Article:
In 2005, the Best Buy headquarters in Richfield, Minnesota, started shifting over to a "results only work environment," or ROWE. Employees could decide when and where they worked as long as they met certain measurable goals. No more Monday-through-Friday or 9-to-5. Want to come in at 2 p.m. on a Tuesday? Great. You don’t even need to notify your manager, as long as you get that report done by the end of the week.
Two University of Minnesota sociology professors, Erin Kelly and Phyllis Moen, recently gathered data from 659 Best Buy employees, both before and after the shift to ROWE. About half of the employees they studied from didn’t switch to ROWE during the study period, providing a control group.
Kelly and Moen—who published their work this week in The Journal of Health and Social Behavior—found that employees who switched to ROWE took better care of themselves. Not only did they get an extra 52 minutes of sleep before workdays on average, they were also less likely to feel obligated to work when sick and more likely to see a doctor when they needed to. And the turnover rate among employees that switched to ROWE was only 6%, compared to 11% with the control group. In addition, their increased sense of schedule control and reduced work-family conflict led to increased self-reported energy levels and decreased psychological distress.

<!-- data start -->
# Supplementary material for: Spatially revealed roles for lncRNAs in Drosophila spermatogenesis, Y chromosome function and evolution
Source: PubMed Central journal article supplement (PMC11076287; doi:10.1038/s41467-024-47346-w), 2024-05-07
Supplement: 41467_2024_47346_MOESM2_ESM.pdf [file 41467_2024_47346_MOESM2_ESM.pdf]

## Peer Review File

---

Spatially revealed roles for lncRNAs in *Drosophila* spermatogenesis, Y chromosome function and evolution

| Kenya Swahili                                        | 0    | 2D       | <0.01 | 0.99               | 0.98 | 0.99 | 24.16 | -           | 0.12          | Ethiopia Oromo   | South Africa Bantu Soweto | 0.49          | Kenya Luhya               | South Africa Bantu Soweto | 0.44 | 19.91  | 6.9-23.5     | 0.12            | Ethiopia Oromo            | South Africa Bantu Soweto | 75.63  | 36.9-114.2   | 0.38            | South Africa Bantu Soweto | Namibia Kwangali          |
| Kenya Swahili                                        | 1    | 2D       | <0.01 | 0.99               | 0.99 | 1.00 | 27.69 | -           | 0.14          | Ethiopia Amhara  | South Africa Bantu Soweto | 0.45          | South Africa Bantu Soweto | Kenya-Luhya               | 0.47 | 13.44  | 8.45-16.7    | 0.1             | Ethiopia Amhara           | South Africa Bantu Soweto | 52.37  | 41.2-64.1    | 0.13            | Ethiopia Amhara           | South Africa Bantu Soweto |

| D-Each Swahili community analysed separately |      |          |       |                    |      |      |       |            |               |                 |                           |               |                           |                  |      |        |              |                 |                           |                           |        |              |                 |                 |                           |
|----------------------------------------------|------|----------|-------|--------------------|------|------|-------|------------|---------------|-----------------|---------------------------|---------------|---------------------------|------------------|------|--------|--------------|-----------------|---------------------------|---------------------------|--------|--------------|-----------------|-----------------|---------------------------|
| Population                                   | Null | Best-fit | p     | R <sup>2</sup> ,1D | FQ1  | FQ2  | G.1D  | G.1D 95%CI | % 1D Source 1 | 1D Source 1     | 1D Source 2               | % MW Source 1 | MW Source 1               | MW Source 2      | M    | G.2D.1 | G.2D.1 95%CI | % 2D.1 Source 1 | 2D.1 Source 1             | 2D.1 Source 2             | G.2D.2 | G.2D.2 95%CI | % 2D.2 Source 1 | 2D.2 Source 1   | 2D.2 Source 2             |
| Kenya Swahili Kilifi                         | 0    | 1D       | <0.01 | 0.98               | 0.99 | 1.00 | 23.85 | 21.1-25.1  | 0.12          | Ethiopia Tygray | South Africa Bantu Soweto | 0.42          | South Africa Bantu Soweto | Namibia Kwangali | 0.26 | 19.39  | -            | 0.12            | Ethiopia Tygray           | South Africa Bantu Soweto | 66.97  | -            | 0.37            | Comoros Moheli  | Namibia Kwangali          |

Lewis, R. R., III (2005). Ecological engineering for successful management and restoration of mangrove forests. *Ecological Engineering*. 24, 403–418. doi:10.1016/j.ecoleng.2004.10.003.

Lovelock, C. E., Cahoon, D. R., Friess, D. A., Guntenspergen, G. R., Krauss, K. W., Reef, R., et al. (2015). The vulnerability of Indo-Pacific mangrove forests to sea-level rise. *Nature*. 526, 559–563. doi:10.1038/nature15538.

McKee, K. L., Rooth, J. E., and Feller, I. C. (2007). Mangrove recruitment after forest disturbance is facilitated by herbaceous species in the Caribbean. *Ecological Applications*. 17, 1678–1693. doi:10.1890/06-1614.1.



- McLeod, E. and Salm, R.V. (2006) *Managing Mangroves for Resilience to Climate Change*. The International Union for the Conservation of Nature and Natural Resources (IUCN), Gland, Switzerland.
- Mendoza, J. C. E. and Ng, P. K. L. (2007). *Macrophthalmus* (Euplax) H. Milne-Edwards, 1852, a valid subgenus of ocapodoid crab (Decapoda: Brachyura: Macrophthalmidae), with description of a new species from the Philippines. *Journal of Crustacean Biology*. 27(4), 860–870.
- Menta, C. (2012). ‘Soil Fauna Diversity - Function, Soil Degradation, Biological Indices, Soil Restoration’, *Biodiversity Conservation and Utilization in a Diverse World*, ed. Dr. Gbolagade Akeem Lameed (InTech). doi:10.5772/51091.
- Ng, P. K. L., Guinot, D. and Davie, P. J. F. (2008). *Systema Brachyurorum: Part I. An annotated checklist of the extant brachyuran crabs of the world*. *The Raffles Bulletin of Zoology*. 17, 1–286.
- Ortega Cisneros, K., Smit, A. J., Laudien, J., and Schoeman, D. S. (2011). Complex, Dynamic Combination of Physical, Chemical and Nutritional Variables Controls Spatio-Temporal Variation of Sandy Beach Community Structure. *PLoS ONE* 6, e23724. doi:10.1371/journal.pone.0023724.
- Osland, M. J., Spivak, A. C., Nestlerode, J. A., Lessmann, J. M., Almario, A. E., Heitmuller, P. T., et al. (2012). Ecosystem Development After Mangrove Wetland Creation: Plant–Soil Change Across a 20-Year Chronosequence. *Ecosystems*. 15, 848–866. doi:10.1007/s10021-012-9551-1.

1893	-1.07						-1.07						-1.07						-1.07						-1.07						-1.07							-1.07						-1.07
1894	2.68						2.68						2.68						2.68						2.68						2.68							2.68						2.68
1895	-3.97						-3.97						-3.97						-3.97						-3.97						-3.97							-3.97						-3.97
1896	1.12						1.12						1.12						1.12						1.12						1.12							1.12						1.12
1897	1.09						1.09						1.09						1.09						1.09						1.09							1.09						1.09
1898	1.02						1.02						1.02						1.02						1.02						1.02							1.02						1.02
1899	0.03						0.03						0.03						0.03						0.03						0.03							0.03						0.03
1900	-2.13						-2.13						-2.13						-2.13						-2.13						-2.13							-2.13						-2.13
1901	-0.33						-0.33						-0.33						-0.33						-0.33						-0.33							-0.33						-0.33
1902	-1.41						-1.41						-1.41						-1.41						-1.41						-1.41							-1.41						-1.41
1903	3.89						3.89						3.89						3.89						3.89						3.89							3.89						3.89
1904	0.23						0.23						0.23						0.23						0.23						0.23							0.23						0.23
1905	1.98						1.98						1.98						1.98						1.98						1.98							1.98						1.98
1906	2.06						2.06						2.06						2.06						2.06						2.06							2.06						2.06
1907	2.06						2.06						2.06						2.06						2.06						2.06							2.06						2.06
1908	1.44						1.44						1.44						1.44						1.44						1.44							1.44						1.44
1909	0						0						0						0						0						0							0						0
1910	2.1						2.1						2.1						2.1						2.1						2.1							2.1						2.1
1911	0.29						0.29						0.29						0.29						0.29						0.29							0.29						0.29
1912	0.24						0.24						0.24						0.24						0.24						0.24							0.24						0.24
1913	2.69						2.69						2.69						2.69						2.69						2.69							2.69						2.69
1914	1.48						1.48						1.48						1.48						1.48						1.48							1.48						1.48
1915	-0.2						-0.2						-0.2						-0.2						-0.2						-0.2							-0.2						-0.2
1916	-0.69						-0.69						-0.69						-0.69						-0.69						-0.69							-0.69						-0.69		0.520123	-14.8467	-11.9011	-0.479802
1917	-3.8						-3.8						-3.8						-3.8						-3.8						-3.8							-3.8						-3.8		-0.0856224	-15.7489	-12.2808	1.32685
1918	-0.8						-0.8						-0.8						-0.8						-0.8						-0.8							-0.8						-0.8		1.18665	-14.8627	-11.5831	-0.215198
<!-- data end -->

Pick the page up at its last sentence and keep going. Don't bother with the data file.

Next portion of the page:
They were healthier and they were also, it seems, more invested. As Moen has described it, "participants reported going to their child’s school play, taking their ailing mother to a doctor, or seeing a doctor themselves—without guilt. Participants described both a sense of freedom and greater responsibility for actually accomplishing results."
The ROWE program was developed at Best Buy by Cali Ressler and Jodi Thompson. They have since gone on to found a consulting shop, CultureRx, that helps other companies switch to ROWE. In 2009, Gap became the second major brand to get on board and several smaller companies have been following suit.
Is it easy to switch? According to Moen, "the hardest part of this for most firms and for managers as well as employees is to clarify what exactly are the results to be achieved." That’s certainly something a smart manager should be doing regardless.